Problem

If you are doing analysis with text data (e.g. sentiment analysis), the completeness of data matters. For example:

BigCo CEO fired...

has a dramatically different meaning than:

BigCo CEO fired a gun in McMansion and puts a hole in the ceiling

The documentation does not directly address truncated tweets; reading documentation to get unstuck is like reading a medical dictionary during a heart attack. I scoured the Internet, then posted on Twitter Developers forum, and an actual Twitter staff member responded.

The GET Call

First, I’ll try to explain the process of the Twitter API call. In Node, two main libraries exist for consuming the Twitter API: one aptly named Twitter, and the other named twit. They essentially work the same way; I chose ‘Twitter’ because it was the first one I  found. This tutorial is a good introduction to the library.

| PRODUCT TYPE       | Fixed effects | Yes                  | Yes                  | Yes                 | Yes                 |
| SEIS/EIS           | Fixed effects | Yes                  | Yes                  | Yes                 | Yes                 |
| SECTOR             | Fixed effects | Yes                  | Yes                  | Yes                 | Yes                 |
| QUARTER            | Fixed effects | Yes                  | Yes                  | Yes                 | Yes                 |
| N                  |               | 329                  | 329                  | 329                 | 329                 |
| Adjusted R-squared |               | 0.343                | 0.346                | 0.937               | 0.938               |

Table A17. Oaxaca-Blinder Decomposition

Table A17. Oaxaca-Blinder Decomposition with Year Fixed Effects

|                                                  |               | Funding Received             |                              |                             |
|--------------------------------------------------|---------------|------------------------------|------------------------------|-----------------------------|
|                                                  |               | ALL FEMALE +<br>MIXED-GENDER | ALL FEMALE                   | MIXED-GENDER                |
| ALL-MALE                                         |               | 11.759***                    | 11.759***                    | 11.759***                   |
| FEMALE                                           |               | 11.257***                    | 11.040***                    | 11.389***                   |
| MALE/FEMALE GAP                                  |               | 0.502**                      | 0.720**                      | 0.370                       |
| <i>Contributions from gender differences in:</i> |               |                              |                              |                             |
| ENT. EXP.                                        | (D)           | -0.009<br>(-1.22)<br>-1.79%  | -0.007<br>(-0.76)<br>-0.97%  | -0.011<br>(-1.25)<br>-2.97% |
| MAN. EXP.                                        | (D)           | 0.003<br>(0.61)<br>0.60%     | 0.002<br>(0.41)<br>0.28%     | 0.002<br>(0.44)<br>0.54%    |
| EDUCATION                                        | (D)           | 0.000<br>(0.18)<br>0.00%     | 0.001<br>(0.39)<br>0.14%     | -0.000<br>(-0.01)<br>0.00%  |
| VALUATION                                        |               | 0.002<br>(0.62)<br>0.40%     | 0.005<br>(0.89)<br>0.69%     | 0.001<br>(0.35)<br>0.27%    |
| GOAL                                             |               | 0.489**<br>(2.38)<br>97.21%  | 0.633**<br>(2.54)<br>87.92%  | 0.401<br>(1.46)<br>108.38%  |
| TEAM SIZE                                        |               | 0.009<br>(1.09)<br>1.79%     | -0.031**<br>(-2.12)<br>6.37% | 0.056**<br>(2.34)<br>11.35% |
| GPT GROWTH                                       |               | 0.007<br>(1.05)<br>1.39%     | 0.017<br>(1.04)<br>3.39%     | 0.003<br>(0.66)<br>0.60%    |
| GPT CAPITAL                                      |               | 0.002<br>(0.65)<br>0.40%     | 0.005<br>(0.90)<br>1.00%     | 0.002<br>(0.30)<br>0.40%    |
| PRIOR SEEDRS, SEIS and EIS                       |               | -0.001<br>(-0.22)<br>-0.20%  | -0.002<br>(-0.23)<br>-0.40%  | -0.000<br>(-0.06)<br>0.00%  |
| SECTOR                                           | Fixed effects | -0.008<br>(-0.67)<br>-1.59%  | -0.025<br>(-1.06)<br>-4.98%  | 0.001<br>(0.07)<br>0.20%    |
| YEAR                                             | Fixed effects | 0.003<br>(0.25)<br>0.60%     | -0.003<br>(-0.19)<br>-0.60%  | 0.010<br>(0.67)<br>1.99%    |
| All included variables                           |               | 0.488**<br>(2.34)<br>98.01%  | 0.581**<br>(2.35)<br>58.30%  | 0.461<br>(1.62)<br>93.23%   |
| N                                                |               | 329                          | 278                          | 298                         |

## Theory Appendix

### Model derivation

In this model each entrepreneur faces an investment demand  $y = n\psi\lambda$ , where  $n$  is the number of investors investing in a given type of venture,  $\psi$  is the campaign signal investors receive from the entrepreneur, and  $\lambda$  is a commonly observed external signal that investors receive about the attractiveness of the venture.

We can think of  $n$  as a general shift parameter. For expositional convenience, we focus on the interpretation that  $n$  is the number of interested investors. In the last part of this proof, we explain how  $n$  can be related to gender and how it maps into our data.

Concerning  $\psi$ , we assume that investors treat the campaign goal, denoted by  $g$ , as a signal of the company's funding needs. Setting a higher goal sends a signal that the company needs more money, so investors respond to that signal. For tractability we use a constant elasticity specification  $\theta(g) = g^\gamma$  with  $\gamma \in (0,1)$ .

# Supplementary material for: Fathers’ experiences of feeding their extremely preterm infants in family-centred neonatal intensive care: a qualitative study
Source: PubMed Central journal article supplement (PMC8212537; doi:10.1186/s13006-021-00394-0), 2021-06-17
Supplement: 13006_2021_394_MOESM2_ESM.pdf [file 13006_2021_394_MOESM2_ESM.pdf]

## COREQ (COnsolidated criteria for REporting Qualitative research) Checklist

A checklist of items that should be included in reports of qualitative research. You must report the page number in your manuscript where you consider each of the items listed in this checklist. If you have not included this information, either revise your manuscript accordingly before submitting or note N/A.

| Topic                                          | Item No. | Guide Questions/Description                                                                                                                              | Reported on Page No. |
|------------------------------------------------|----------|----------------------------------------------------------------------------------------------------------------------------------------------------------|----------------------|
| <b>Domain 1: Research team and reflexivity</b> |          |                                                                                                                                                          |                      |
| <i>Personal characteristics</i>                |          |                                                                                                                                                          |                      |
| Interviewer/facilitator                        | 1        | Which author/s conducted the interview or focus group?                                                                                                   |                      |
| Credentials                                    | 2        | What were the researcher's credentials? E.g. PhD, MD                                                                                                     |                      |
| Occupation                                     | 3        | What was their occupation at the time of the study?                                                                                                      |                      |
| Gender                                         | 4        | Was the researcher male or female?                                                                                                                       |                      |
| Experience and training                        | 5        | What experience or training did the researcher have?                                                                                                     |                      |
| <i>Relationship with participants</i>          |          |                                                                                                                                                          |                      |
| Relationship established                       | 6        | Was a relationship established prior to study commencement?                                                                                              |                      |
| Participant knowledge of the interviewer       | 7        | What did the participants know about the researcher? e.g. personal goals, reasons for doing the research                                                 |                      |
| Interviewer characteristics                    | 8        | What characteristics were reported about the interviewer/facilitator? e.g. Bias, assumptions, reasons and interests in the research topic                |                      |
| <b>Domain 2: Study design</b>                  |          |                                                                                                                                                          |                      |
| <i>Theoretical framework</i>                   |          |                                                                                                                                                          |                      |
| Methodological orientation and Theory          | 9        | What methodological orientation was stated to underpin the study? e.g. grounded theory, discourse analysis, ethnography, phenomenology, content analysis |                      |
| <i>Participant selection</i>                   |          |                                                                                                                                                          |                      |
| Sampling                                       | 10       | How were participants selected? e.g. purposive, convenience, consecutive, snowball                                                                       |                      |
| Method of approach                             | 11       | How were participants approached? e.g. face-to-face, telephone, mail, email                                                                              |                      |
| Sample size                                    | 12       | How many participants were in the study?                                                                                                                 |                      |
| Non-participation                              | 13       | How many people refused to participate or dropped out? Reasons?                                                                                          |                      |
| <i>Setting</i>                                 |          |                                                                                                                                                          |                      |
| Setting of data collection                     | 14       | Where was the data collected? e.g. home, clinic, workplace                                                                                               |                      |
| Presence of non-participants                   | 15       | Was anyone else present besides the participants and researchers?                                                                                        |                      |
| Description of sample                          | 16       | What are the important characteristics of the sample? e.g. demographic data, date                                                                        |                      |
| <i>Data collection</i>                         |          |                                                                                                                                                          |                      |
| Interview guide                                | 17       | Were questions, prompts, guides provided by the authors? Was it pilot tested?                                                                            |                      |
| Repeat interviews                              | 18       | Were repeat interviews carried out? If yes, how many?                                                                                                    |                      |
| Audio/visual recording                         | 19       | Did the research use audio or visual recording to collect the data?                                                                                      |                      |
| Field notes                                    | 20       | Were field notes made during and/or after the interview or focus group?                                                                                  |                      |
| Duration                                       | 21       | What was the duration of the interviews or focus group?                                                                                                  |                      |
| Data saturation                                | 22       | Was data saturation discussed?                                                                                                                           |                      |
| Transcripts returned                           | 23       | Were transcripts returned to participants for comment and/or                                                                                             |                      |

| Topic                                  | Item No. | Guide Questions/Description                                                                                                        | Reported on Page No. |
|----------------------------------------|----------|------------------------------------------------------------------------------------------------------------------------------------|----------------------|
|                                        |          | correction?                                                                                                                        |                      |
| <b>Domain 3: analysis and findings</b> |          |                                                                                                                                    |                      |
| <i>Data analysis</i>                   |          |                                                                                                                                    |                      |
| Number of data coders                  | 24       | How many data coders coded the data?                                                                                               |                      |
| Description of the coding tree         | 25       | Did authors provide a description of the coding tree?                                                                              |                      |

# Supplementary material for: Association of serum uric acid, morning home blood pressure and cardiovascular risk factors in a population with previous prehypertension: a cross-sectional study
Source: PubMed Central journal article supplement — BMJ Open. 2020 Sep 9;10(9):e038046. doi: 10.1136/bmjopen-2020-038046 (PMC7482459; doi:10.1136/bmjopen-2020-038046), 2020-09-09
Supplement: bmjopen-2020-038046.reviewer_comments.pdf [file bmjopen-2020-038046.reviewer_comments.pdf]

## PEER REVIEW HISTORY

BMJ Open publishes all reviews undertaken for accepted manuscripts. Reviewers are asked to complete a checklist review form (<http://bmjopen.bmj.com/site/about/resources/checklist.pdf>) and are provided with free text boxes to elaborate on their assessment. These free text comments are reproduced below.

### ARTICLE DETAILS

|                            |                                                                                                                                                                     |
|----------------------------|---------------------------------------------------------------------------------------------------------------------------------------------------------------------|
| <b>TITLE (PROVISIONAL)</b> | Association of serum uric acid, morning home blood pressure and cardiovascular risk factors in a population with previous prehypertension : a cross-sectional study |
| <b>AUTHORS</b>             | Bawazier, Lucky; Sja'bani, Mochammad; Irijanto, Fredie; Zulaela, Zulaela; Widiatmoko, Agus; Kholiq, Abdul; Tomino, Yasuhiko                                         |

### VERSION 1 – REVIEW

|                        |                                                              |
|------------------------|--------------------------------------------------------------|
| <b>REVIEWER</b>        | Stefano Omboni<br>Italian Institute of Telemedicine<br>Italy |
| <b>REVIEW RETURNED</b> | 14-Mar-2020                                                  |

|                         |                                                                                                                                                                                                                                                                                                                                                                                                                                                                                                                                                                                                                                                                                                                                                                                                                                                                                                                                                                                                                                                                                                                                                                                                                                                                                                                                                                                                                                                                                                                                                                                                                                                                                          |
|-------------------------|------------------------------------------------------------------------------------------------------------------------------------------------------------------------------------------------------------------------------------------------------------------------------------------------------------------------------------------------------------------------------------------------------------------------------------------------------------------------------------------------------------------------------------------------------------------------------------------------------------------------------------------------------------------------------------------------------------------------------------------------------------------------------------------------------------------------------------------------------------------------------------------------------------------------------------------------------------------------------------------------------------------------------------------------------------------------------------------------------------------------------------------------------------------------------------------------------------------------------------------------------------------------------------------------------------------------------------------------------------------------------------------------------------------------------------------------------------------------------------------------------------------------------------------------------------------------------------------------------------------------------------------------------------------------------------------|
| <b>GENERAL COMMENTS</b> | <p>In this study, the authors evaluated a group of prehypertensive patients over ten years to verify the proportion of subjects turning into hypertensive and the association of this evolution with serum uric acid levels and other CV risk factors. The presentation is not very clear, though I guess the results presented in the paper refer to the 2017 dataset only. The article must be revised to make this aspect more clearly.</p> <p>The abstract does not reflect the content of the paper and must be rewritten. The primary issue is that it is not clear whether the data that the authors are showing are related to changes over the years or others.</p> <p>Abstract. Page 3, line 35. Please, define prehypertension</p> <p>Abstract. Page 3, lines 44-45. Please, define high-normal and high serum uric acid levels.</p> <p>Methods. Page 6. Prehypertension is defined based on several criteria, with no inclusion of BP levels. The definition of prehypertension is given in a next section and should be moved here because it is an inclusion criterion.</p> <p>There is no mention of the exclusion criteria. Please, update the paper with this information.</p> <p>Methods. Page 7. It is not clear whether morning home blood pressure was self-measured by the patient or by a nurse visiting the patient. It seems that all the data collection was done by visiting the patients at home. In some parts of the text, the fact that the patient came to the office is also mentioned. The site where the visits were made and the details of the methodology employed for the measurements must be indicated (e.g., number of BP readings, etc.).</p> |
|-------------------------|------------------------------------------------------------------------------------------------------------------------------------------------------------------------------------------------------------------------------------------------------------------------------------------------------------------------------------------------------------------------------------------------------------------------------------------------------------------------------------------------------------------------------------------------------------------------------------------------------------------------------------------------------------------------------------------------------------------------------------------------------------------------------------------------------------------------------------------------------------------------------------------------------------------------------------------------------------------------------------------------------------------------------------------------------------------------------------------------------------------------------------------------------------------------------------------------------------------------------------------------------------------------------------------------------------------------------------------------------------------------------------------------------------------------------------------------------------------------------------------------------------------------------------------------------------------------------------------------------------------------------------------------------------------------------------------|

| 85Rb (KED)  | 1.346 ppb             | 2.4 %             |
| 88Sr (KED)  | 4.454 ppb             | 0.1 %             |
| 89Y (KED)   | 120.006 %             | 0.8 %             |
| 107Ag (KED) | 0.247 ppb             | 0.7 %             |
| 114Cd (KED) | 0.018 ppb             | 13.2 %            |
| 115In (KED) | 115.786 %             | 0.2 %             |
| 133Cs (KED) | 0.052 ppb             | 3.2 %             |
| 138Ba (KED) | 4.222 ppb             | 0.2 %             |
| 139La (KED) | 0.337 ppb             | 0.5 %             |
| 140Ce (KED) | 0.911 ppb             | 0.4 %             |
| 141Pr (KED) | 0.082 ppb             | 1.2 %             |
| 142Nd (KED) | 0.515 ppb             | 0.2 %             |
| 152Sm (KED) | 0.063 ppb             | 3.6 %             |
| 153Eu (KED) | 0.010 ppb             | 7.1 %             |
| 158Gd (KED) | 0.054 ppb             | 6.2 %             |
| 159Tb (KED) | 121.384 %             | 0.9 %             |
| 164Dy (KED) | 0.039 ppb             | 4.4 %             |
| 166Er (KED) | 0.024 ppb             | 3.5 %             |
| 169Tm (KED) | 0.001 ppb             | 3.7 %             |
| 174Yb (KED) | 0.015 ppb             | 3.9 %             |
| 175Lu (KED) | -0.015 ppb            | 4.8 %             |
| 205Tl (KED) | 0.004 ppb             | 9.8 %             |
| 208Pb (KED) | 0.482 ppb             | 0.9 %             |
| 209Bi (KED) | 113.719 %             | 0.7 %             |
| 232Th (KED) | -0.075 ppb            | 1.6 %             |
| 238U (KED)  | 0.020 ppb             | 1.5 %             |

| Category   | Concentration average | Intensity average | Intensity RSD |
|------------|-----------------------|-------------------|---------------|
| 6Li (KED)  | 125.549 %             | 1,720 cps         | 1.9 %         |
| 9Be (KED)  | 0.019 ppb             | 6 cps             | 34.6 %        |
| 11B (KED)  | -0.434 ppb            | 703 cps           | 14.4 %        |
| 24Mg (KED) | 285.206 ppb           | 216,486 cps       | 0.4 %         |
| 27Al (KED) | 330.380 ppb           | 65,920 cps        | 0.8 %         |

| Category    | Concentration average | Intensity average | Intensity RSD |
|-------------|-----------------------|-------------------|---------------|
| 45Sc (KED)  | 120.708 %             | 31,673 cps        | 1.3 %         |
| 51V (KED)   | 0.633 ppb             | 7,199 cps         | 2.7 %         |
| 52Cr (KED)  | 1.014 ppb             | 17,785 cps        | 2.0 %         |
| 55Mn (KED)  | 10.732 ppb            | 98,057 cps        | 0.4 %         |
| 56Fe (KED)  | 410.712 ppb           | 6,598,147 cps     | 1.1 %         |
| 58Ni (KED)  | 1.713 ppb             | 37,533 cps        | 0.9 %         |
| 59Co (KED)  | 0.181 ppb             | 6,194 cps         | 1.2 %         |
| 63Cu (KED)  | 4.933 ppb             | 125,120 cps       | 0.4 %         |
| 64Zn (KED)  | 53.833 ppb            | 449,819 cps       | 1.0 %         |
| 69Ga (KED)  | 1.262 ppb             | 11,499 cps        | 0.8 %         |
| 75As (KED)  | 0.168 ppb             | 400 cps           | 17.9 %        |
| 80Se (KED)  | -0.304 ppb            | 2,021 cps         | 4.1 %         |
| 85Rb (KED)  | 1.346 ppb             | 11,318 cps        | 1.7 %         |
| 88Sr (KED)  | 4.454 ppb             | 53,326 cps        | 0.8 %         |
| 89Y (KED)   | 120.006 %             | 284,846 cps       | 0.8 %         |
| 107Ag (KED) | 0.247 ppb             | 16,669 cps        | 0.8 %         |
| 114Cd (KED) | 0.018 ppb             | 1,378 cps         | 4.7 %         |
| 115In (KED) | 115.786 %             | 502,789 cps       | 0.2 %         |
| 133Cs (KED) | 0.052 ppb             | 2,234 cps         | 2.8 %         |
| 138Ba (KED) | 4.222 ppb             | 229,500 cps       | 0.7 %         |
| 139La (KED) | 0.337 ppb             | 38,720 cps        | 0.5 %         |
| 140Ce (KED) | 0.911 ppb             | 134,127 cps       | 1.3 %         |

I’ll skip the part on how to install Node modules and how to get access tokens from Twitter Application Management as they are not central to the problem.

Once you have the tokens, store them in a config.js file in the same directory of the project:

Load the tokens and initiate a new Twitter client:

Each API call contains a set of parameters, for example: the search term, the number of tweets returned, and the geolocation the tweet originated from. A sample parameter that searches for “10 recent English-language tweets originating from New York City containing the hashtag #DonaldTrump” would look like this: